174 pages | 6 x 9
Ebook 2016 | ISBN 9781512808025 | Buy from De Gruyter $79.95 | €69.95 | £70.50
This book is available under special arrangement from our European publishing partner De Gruyter.
An Anniversary Collection volume
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Effective communication between doctors and patients is essential to good health care, yet patients increasingly complain of impersonal, overly technical medical treatment. Physicians, on the other hand, report that their patients have unrealistic expectations and ignore recommendations. Problems in doctor-patient communication increase when the patient is a woman. Social values and attitudes toward reproduction, women's bodies, and femininity are powerful, if subtle, influences on health care delivery.
For over two years, Alexandra Dundas Todd audiotaped and observed communications between gynecologists and observed communications between gynecologists and women patients in a private practitioner's office and in a community clinic. Intimate Adversaries provides a close-up view of what takes place in medical interactions centered on reproductive care. Todd is especially sensitive to the difficulties caused by the different perspectives of doctor and patient. Whereas doctors usually concentrate on a biomedical approach, patients view their biological concerns as embedded in broader contextual experiences. Women tell stories about their health and reproduction to communicate these comprehensive concerns. When the stories are ignored, the women are at risk of receiving inadequate medical care.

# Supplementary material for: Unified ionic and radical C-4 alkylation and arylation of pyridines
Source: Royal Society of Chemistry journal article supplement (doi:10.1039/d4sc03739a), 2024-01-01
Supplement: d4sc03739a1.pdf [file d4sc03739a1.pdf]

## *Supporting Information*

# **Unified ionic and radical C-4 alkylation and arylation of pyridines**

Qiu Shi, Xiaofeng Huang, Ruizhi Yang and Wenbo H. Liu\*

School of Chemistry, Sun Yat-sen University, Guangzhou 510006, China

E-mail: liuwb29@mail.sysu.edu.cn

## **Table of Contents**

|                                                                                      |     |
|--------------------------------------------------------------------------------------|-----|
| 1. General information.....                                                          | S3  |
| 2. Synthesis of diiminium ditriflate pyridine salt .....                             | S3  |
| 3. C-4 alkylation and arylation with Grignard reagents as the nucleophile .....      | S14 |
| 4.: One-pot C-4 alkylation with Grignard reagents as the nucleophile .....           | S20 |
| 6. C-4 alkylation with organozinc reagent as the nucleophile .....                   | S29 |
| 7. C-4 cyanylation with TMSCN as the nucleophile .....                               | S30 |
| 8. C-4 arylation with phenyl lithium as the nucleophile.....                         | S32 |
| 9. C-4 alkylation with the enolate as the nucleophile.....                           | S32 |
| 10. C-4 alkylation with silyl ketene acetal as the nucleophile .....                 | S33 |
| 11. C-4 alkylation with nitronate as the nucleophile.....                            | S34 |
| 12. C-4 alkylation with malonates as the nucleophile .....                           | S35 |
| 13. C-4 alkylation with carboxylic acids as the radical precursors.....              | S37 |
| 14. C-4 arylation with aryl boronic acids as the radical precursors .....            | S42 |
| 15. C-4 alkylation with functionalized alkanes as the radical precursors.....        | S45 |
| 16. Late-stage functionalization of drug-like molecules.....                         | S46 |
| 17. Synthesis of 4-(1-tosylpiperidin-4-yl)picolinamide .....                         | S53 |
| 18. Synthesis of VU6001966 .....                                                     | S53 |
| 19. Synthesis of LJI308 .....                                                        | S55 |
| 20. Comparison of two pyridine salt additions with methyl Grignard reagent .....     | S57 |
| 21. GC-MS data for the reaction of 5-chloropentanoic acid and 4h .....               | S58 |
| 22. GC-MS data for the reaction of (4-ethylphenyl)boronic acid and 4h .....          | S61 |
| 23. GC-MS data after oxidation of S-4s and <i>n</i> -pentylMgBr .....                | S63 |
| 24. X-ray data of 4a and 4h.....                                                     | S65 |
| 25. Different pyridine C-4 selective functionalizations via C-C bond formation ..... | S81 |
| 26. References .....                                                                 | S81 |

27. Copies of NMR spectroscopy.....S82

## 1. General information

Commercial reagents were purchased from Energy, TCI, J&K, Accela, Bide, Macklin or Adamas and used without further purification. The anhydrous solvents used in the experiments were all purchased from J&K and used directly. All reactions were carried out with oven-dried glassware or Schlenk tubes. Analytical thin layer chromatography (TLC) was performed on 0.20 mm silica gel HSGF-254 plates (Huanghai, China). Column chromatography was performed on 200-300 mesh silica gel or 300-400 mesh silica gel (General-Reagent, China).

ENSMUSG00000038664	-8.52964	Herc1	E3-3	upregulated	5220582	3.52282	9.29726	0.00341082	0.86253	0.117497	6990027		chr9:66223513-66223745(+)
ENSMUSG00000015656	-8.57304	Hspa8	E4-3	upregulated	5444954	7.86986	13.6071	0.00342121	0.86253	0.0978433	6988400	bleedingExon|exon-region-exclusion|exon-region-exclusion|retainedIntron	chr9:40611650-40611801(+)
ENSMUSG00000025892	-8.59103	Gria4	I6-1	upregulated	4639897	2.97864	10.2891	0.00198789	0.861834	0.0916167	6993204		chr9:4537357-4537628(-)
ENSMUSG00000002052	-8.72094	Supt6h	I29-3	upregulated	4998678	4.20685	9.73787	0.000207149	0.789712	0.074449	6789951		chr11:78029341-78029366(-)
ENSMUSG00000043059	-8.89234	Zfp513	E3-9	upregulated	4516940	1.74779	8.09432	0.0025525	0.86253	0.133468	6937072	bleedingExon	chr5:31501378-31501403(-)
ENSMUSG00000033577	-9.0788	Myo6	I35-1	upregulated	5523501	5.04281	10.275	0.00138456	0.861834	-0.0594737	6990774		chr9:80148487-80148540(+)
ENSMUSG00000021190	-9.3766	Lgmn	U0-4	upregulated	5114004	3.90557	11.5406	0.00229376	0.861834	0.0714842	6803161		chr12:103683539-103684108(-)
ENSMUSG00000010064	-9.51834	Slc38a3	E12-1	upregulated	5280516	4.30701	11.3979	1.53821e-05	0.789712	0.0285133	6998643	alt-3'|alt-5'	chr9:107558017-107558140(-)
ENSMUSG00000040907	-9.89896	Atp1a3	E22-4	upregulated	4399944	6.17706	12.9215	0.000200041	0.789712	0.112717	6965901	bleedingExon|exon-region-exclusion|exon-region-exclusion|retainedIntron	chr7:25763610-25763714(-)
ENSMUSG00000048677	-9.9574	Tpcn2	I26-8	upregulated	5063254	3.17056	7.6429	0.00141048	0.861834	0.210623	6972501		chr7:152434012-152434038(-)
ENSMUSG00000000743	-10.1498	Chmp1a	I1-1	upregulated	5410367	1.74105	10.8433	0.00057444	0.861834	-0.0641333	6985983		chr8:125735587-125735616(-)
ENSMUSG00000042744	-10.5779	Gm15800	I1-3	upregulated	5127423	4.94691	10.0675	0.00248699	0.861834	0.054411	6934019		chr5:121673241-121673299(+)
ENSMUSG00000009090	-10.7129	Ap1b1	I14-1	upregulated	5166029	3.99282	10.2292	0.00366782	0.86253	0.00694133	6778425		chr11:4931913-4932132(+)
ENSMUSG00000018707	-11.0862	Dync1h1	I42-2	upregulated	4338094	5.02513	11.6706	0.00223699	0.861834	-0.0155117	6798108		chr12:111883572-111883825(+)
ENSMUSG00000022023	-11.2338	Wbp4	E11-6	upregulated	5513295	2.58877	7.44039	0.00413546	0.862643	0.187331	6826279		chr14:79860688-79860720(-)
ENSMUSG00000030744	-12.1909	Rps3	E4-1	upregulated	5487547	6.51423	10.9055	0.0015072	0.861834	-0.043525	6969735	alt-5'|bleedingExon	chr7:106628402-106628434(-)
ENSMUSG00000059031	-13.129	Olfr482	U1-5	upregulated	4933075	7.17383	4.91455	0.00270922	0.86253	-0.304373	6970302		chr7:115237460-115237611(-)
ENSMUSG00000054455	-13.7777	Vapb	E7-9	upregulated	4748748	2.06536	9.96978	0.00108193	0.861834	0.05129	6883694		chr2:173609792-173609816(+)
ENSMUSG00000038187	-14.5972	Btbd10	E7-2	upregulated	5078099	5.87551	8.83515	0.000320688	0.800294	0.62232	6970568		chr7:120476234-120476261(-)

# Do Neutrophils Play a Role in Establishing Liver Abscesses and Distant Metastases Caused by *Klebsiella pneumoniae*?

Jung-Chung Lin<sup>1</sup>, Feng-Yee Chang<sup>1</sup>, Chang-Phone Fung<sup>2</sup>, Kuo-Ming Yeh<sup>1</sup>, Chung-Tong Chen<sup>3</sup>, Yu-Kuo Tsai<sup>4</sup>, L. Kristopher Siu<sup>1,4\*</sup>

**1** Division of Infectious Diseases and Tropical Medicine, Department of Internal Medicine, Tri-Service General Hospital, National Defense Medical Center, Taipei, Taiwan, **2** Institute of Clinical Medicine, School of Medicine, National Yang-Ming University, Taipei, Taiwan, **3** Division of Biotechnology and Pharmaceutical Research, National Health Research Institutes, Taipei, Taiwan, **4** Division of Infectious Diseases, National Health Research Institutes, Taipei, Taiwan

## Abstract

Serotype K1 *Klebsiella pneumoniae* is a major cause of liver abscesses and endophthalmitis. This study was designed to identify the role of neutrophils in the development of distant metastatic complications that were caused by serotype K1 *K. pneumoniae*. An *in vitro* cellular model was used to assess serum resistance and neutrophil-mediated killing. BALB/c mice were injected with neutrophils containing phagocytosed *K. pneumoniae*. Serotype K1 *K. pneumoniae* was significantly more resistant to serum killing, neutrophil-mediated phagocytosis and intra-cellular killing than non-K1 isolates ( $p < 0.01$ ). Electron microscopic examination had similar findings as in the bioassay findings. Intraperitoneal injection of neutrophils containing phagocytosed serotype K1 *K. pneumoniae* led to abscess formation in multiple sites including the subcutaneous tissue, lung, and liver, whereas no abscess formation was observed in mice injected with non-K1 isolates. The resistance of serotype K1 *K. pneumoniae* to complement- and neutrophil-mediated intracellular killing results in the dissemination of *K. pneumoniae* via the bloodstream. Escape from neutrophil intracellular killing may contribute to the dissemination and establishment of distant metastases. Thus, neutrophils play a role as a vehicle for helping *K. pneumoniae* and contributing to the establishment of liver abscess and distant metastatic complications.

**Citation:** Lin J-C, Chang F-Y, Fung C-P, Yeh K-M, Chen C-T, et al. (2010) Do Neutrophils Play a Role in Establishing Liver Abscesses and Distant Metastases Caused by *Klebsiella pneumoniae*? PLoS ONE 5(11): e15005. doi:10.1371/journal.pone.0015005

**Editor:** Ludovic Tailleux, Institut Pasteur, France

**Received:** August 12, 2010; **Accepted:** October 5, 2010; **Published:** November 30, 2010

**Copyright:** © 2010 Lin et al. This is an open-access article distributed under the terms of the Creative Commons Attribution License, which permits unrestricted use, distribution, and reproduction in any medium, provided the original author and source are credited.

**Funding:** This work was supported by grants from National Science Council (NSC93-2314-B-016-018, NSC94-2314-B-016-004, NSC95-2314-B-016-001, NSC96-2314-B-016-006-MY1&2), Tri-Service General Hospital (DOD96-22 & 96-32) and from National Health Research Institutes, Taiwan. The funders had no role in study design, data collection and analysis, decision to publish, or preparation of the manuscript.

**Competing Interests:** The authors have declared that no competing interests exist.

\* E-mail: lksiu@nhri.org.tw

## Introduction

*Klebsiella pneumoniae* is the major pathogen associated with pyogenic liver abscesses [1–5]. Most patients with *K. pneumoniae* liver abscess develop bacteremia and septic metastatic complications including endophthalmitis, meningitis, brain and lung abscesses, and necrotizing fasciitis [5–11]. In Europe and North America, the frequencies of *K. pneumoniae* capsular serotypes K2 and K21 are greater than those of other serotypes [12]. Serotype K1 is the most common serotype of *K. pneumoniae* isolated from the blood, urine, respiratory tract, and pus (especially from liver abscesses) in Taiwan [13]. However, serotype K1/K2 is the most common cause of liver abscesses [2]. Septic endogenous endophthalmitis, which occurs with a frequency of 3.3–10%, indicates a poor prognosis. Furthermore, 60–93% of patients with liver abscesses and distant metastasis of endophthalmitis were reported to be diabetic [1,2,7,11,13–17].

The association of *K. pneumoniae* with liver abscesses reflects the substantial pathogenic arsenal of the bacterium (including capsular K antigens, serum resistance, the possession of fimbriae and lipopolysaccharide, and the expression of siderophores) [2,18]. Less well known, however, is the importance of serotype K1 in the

Writers in political economy and feminist theory have contributed in-depth studies of society and medicine. Less has been said about the relation ship among the epistemological roots of science, the development of the medical model, the treatment of women patients, and influences on diagnostic decision-making. It is the relationship of a scientific world view to modern medicine and to women, as well as analyses of specific interactions, that are the core of this book.
Alexandra Dundas Todd is Professor of Sociology at Suffolk University. She is the coauthor of Gender and Discourse and The Social Organization of Doctor/Patient Communication.